As I said in the post on infrastructure and debt, Peter Martin heaved a sigh of relief that the Coalition Government finally understood that the services, infrastructure and welfare that we depend on to function have to be paid for, by raising revenue if necessary. Laura Tingle goes further. She says the Coalition has reset the debate on the role of government by moving to:
a more central position which embraces, and even advocates, a bigger role for government, both in terms of its fiscal position and its interventions in the economy, whether that be by building, owning and running airports or regulating product and labour markets.
She says that the government is actually seeking to own Labor’s modern signature policies – Gonski, the National Disability Insurance Scheme and Medicare. Continue reading Budget 2017: we live in a Labor world
Exporters often seem to be able to pay less tax than other businesses. One of the key reasons for this is that exporters pay no GST on their exports despite benefiting from government expenditure on things things like education and various forms of assistance to industry including assistance that is specific to export industries.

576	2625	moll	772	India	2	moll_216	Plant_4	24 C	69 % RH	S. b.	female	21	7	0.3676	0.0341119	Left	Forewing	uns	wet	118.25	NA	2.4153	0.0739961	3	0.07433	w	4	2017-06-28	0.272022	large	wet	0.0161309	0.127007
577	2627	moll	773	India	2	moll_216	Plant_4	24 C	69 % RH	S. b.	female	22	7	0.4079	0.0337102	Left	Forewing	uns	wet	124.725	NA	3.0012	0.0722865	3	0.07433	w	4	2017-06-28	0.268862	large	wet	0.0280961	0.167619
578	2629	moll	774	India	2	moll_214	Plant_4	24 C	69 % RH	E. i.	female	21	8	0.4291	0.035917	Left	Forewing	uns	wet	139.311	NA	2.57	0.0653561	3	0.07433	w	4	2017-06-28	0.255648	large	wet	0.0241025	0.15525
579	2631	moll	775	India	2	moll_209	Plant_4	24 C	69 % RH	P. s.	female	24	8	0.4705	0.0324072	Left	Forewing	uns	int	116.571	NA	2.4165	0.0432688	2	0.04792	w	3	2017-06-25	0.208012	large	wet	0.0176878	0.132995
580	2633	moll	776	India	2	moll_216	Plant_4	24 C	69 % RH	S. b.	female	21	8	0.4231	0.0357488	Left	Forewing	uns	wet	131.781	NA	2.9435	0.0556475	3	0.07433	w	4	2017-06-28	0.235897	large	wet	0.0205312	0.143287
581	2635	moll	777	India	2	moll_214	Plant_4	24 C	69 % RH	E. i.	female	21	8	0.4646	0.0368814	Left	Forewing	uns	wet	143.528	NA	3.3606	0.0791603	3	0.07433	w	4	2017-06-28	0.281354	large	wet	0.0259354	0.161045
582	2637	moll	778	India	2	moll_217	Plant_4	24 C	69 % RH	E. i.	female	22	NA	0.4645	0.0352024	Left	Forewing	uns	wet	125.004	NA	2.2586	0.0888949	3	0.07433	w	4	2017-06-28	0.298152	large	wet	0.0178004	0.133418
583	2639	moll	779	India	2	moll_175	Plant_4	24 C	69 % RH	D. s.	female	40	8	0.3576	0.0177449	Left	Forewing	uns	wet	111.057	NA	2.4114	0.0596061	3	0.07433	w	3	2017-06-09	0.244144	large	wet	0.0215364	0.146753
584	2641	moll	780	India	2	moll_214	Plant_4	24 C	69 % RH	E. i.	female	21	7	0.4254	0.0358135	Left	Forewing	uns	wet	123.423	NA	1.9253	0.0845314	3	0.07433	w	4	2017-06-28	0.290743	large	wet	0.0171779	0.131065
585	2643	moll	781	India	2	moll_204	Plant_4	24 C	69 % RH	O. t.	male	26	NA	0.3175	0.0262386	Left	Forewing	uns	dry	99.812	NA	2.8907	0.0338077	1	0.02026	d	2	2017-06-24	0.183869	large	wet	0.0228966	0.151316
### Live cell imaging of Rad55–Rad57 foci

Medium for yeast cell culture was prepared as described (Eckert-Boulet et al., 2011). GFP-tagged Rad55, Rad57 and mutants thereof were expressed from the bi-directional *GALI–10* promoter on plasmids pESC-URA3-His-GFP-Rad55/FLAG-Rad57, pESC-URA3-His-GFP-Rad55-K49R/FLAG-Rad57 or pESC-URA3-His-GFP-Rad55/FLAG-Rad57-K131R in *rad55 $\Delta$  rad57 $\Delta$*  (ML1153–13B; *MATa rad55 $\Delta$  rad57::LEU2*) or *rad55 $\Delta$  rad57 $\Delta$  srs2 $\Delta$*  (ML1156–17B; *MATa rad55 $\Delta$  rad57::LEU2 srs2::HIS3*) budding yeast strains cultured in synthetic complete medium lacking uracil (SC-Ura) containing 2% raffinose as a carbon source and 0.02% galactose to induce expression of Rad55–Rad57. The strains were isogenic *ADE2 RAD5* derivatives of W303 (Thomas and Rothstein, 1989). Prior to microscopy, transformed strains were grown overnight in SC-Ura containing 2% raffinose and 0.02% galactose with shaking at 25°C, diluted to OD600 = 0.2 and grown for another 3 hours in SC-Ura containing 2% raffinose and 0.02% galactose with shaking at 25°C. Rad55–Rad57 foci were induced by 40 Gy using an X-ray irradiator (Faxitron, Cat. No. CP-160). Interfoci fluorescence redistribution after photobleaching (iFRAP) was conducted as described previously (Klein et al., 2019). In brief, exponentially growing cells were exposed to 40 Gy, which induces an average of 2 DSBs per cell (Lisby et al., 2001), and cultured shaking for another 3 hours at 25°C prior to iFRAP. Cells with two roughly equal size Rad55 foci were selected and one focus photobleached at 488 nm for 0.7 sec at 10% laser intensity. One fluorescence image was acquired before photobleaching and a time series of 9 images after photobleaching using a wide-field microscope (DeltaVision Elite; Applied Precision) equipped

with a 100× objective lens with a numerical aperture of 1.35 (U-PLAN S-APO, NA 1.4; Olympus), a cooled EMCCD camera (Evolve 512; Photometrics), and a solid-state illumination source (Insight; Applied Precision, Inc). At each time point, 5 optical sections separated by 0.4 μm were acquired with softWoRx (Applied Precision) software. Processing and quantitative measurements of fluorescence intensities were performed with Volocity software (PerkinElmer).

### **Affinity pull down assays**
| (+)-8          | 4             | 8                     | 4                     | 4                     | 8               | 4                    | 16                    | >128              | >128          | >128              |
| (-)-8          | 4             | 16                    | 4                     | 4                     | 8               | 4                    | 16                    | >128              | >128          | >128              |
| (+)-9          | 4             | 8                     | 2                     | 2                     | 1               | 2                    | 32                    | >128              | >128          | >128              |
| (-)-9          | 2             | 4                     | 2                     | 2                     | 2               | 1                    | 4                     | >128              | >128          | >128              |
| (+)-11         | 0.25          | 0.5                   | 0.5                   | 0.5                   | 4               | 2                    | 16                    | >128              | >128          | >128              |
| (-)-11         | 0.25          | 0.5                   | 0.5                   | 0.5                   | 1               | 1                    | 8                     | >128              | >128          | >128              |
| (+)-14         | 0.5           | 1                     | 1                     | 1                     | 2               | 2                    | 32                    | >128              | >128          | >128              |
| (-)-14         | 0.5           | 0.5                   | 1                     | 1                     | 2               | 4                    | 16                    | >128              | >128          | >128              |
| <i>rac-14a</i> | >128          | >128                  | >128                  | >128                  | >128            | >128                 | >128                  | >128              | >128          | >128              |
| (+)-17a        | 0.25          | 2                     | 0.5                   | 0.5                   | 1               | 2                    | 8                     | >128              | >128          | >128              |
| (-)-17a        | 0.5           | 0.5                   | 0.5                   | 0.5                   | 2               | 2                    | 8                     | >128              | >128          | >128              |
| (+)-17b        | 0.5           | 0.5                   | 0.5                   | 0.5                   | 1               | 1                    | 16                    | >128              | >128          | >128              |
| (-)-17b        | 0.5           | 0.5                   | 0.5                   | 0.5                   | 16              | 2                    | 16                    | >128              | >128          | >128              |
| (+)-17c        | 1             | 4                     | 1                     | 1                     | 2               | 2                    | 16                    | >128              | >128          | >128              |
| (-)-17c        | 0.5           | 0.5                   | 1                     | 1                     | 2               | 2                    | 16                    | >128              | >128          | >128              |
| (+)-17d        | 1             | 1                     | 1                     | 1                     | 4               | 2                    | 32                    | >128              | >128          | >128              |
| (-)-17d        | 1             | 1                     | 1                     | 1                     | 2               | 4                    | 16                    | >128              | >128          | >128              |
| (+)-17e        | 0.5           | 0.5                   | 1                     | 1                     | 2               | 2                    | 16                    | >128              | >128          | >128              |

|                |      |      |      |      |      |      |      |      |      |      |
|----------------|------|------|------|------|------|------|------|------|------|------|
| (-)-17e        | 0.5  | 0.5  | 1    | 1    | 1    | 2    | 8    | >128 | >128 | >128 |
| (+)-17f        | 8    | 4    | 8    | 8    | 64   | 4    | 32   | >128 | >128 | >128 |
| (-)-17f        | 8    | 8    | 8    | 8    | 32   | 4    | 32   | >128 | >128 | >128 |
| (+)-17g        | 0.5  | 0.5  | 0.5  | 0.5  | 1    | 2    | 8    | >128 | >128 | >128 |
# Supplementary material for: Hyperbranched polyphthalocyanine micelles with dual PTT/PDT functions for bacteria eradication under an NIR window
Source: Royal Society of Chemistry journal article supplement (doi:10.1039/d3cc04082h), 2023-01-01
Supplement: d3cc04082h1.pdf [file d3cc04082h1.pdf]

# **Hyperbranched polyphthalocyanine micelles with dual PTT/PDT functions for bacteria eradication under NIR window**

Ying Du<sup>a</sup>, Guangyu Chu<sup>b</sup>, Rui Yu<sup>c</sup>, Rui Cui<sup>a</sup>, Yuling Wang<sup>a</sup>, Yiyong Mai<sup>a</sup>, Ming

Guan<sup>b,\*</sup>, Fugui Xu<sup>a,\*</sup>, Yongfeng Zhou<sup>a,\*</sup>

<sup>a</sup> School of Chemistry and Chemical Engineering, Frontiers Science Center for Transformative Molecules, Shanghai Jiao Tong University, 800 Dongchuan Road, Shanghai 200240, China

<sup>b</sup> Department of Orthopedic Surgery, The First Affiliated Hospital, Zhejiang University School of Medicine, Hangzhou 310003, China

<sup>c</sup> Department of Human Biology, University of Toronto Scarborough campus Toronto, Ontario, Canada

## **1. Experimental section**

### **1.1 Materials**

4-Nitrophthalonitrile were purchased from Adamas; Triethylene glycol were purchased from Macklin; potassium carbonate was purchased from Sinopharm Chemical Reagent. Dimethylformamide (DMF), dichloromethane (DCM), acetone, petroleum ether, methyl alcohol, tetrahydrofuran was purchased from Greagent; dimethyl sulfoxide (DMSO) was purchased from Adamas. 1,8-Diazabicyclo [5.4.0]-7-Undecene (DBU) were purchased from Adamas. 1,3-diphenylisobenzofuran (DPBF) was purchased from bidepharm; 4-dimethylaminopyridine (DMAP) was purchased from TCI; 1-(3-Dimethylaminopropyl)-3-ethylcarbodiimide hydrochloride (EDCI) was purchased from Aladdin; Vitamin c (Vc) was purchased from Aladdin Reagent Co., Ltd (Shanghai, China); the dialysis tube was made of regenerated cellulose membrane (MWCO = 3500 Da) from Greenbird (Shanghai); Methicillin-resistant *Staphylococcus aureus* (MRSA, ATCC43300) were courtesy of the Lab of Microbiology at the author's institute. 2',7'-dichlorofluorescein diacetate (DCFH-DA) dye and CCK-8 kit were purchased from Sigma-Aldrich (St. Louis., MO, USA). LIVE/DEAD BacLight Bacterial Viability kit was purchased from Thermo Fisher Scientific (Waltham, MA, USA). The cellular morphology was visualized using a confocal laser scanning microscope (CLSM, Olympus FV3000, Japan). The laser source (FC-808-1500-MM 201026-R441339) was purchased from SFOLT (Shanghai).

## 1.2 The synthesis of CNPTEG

This post asks whether it is about time to start charging the GST on at least some exports. Continue reading Should We Charge the GST on Exports?
The Commonwealth government has just gained support for a tax cut for business’s earning less that $50m per yr. The benefits of this change are debatable. The only things we can be sure of is that badly needed government revenue has been sacrificed and if anything, the administration of this tax will become more complex.
It might be smarter to get rid of this complex and difficult to administer tax altogether and replace the lost revenue by either increasing the take from already existing taxes and/or some new and simpler tax.
This post looks at the implications of getting rid of company tax. Continue reading Should We Get Rid of the Company Tax?